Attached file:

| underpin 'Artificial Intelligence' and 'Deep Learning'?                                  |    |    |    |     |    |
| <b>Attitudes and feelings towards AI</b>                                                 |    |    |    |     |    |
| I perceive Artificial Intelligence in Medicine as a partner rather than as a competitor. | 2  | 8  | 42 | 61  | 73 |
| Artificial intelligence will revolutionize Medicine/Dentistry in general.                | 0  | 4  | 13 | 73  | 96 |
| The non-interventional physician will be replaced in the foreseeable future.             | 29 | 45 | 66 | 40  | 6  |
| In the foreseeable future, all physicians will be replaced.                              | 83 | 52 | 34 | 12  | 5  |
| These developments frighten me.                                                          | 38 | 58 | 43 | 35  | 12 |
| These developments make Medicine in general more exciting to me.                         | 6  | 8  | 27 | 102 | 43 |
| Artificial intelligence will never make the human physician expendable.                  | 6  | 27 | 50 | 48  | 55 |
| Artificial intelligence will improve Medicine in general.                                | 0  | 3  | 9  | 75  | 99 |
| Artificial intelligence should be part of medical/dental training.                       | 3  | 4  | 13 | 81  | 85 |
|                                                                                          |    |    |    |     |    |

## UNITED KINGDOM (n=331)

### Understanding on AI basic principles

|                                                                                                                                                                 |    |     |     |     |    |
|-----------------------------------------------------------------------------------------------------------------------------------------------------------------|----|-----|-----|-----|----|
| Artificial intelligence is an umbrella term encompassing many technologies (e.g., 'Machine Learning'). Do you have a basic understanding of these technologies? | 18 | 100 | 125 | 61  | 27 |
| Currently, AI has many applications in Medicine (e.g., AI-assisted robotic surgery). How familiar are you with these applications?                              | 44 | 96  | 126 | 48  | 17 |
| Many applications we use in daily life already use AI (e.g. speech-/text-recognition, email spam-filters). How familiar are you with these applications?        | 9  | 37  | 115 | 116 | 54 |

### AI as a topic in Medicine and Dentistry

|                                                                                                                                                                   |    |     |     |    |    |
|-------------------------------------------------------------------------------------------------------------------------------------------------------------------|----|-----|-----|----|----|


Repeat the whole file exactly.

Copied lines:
| underpin 'Artificial Intelligence' and 'Deep Learning'?                                  |    |    |    |     |    |
| <b>Attitudes and feelings towards AI</b>                                                 |    |    |    |     |    |
| I perceive Artificial Intelligence in Medicine as a partner rather than as a competitor. | 2  | 8  | 42 | 61  | 73 |
| Artificial intelligence will revolutionize Medicine/Dentistry in general.                | 0  | 4  | 13 | 73  | 96 |
| The non-interventional physician will be replaced in the foreseeable future.             | 29 | 45 | 66 | 40  | 6  |
| In the foreseeable future, all physicians will be replaced.                              | 83 | 52 | 34 | 12  | 5  |
| These developments frighten me.                                                          | 38 | 58 | 43 | 35  | 12 |
| These developments make Medicine in general more exciting to me.                         | 6  | 8  | 27 | 102 | 43 |
| Artificial intelligence will never make the human physician expendable.                  | 6  | 27 | 50 | 48  | 55 |
| Artificial intelligence will improve Medicine in general.                                | 0  | 3  | 9  | 75  | 99 |
| Artificial intelligence should be part of medical/dental training.                       | 3  | 4  | 13 | 81  | 85 |
|                                                                                          |    |    |    |     |    |

## UNITED KINGDOM (n=331)

### Understanding on AI basic principles

|                                                                                                                                                                 |    |     |     |     |    |
|-----------------------------------------------------------------------------------------------------------------------------------------------------------------|----|-----|-----|-----|----|
| Artificial intelligence is an umbrella term encompassing many technologies (e.g., 'Machine Learning'). Do you have a basic understanding of these technologies? | 18 | 100 | 125 | 61  | 27 |
| Currently, AI has many applications in Medicine (e.g., AI-assisted robotic surgery). How familiar are you with these applications?                              | 44 | 96  | 126 | 48  | 17 |
| Many applications we use in daily life already use AI (e.g. speech-/text-recognition, email spam-filters). How familiar are you with these applications?        | 9  | 37  | 115 | 116 | 54 |

### AI as a topic in Medicine and Dentistry

|                                                                                                                                                                   |    |     |     |    |    |
|-------------------------------------------------------------------------------------------------------------------------------------------------------------------|----|-----|-----|----|----|